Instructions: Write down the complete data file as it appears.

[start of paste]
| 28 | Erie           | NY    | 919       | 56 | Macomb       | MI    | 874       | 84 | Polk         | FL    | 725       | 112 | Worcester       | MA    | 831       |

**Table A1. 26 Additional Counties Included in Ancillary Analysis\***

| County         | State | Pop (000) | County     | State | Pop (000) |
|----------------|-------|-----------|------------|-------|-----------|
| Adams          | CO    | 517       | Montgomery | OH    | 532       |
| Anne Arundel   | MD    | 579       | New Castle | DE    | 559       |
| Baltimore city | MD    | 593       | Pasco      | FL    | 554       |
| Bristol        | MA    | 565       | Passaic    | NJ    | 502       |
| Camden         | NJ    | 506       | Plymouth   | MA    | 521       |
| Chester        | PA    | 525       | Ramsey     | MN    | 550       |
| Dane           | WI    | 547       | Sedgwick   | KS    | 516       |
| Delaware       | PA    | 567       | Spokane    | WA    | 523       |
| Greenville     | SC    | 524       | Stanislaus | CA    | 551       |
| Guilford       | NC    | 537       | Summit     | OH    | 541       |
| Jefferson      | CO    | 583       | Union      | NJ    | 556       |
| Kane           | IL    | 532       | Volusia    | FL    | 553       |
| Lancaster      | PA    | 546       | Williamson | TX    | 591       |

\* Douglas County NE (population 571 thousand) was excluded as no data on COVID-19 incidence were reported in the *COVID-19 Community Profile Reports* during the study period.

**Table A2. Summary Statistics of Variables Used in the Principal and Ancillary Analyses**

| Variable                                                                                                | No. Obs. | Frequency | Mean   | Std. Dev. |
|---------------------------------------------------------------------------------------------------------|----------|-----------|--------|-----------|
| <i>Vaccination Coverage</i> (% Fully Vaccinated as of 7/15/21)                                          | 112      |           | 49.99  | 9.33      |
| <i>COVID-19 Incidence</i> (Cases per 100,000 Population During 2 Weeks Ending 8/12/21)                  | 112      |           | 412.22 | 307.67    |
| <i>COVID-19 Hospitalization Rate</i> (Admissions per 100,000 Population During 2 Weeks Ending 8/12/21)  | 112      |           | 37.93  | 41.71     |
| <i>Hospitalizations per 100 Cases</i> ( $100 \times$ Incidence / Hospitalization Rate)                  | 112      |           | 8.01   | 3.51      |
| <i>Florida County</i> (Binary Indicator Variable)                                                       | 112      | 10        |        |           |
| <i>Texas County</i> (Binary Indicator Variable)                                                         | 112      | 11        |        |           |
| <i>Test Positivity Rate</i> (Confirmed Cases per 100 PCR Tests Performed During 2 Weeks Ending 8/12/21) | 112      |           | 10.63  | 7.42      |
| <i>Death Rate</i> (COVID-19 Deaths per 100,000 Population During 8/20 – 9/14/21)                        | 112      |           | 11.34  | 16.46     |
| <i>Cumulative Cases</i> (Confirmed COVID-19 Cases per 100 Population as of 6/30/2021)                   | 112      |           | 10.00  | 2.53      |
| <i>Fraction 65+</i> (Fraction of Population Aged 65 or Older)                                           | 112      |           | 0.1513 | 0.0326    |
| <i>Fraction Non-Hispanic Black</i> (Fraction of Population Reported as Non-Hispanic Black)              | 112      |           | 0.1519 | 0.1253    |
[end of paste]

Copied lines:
| 28 | Erie           | NY    | 919       | 56 | Macomb       | MI    | 874       | 84 | Polk         | FL    | 725       | 112 | Worcester       | MA    | 831       |

**Table A1. 26 Additional Counties Included in Ancillary Analysis\***

| County         | State | Pop (000) | County     | State | Pop (000) |
|----------------|-------|-----------|------------|-------|-----------|
| Adams          | CO    | 517       | Montgomery | OH    | 532       |
| Anne Arundel   | MD    | 579       | New Castle | DE    | 559       |
| Baltimore city | MD    | 593       | Pasco      | FL    | 554       |
| Bristol        | MA    | 565       | Passaic    | NJ    | 502       |
| Camden         | NJ    | 506       | Plymouth   | MA    | 521       |
| Chester        | PA    | 525       | Ramsey     | MN    | 550       |
| Dane           | WI    | 547       | Sedgwick   | KS    | 516       |
| Delaware       | PA    | 567       | Spokane    | WA    | 523       |
| Greenville     | SC    | 524       | Stanislaus | CA    | 551       |
| Guilford       | NC    | 537       | Summit     | OH    | 541       |
| Jefferson      | CO    | 583       | Union      | NJ    | 556       |
| Kane           | IL    | 532       | Volusia    | FL    | 553       |
| Lancaster      | PA    | 546       | Williamson | TX    | 591       |

\* Douglas County NE (population 571 thousand) was excluded as no data on COVID-19 incidence were reported in the *COVID-19 Community Profile Reports* during the study period.

**Table A2. Summary Statistics of Variables Used in the Principal and Ancillary Analyses**

| Variable                                                                                                | No. Obs. | Frequency | Mean   | Std. Dev. |
|---------------------------------------------------------------------------------------------------------|----------|-----------|--------|-----------|
| <i>Vaccination Coverage</i> (% Fully Vaccinated as of 7/15/21)                                          | 112      |           | 49.99  | 9.33      |
| <i>COVID-19 Incidence</i> (Cases per 100,000 Population During 2 Weeks Ending 8/12/21)                  | 112      |           | 412.22 | 307.67    |
| <i>COVID-19 Hospitalization Rate</i> (Admissions per 100,000 Population During 2 Weeks Ending 8/12/21)  | 112      |           | 37.93  | 41.71     |
| <i>Hospitalizations per 100 Cases</i> ( $100 \times$ Incidence / Hospitalization Rate)                  | 112      |           | 8.01   | 3.51      |
| <i>Florida County</i> (Binary Indicator Variable)                                                       | 112      | 10        |        |           |
| <i>Texas County</i> (Binary Indicator Variable)                                                         | 112      | 11        |        |           |
| <i>Test Positivity Rate</i> (Confirmed Cases per 100 PCR Tests Performed During 2 Weeks Ending 8/12/21) | 112      |           | 10.63  | 7.42      |
| <i>Death Rate</i> (COVID-19 Deaths per 100,000 Population During 8/20 – 9/14/21)                        | 112      |           | 11.34  | 16.46     |
| <i>Cumulative Cases</i> (Confirmed COVID-19 Cases per 100 Population as of 6/30/2021)                   | 112      |           | 10.00  | 2.53      |
| <i>Fraction 65+</i> (Fraction of Population Aged 65 or Older)                                           | 112      |           | 0.1513 | 0.0326    |
| <i>Fraction Non-Hispanic Black</i> (Fraction of Population Reported as Non-Hispanic Black)              | 112      |           | 0.1519 | 0.1253    |